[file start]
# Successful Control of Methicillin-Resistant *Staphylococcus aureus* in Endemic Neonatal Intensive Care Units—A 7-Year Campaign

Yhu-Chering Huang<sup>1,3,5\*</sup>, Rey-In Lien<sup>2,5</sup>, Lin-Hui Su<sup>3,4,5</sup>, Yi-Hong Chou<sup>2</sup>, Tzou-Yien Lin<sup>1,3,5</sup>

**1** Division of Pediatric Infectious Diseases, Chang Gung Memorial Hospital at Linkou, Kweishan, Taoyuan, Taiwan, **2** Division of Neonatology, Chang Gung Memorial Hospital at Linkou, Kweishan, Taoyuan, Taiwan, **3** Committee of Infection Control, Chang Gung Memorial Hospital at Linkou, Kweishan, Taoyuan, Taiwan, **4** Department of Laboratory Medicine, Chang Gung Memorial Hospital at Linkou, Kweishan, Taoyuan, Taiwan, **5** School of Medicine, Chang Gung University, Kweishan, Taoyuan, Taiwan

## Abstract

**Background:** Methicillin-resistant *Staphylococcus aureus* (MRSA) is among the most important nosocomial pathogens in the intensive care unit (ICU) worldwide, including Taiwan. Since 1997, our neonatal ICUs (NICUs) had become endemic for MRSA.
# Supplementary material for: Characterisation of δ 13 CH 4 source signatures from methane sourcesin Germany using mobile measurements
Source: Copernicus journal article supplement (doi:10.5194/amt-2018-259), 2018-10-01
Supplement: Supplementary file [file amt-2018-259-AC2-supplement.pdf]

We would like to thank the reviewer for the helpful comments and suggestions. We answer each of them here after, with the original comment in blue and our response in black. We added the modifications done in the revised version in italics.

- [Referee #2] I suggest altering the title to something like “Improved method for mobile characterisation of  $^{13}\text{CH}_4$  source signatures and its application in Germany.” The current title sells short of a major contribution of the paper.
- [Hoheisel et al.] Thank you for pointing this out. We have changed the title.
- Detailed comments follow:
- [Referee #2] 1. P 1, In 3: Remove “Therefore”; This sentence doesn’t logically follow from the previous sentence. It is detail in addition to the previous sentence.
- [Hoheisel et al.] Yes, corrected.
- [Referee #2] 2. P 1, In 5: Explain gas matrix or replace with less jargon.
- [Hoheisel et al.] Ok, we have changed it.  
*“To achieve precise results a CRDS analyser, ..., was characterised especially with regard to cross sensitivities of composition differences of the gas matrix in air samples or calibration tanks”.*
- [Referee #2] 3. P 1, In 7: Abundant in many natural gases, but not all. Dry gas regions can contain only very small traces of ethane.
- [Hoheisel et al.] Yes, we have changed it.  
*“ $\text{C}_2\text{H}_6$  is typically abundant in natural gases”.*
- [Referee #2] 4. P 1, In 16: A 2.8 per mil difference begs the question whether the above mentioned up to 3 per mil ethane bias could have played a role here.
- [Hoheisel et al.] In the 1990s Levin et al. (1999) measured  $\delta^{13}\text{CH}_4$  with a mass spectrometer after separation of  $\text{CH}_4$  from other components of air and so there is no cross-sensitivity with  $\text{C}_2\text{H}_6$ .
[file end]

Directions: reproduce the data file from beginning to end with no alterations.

# Successful Control of Methicillin-Resistant *Staphylococcus aureus* in Endemic Neonatal Intensive Care Units—A 7-Year Campaign

Yhu-Chering Huang<sup>1,3,5\*</sup>, Rey-In Lien<sup>2,5</sup>, Lin-Hui Su<sup>3,4,5</sup>, Yi-Hong Chou<sup>2</sup>, Tzou-Yien Lin<sup>1,3,5</sup>

**1** Division of Pediatric Infectious Diseases, Chang Gung Memorial Hospital at Linkou, Kweishan, Taoyuan, Taiwan, **2** Division of Neonatology, Chang Gung Memorial Hospital at Linkou, Kweishan, Taoyuan, Taiwan, **3** Committee of Infection Control, Chang Gung Memorial Hospital at Linkou, Kweishan, Taoyuan, Taiwan, **4** Department of Laboratory Medicine, Chang Gung Memorial Hospital at Linkou, Kweishan, Taoyuan, Taiwan, **5** School of Medicine, Chang Gung University, Kweishan, Taoyuan, Taiwan

## Abstract

**Background:** Methicillin-resistant *Staphylococcus aureus* (MRSA) is among the most important nosocomial pathogens in the intensive care unit (ICU) worldwide, including Taiwan. Since 1997, our neonatal ICUs (NICUs) had become endemic for MRSA.
# Supplementary material for: Characterisation of δ 13 CH 4 source signatures from methane sourcesin Germany using mobile measurements
Source: Copernicus journal article supplement (doi:10.5194/amt-2018-259), 2018-10-01
Supplement: Supplementary file [file amt-2018-259-AC2-supplement.pdf]

We would like to thank the reviewer for the helpful comments and suggestions. We answer each of them here after, with the original comment in blue and our response in black. We added the modifications done in the revised version in italics.

- [Referee #2] I suggest altering the title to something like “Improved method for mobile characterisation of  $^{13}\text{CH}_4$  source signatures and its application in Germany.” The current title sells short of a major contribution of the paper.
- [Hoheisel et al.] Thank you for pointing this out. We have changed the title.
- Detailed comments follow:
- [Referee #2] 1. P 1, In 3: Remove “Therefore”; This sentence doesn’t logically follow from the previous sentence. It is detail in addition to the previous sentence.
- [Hoheisel et al.] Yes, corrected.
- [Referee #2] 2. P 1, In 5: Explain gas matrix or replace with less jargon.
- [Hoheisel et al.] Ok, we have changed it.  
*“To achieve precise results a CRDS analyser, ..., was characterised especially with regard to cross sensitivities of composition differences of the gas matrix in air samples or calibration tanks”.*
- [Referee #2] 3. P 1, In 7: Abundant in many natural gases, but not all. Dry gas regions can contain only very small traces of ethane.
- [Hoheisel et al.] Yes, we have changed it.  
*“ $\text{C}_2\text{H}_6$  is typically abundant in natural gases”.*
- [Referee #2] 4. P 1, In 16: A 2.8 per mil difference begs the question whether the above mentioned up to 3 per mil ethane bias could have played a role here.
- [Hoheisel et al.] In the 1990s Levin et al. (1999) measured  $\delta^{13}\text{CH}_4$  with a mass spectrometer after separation of  $\text{CH}_4$  from other components of air and so there is no cross-sensitivity with  $\text{C}_2\text{H}_6$ .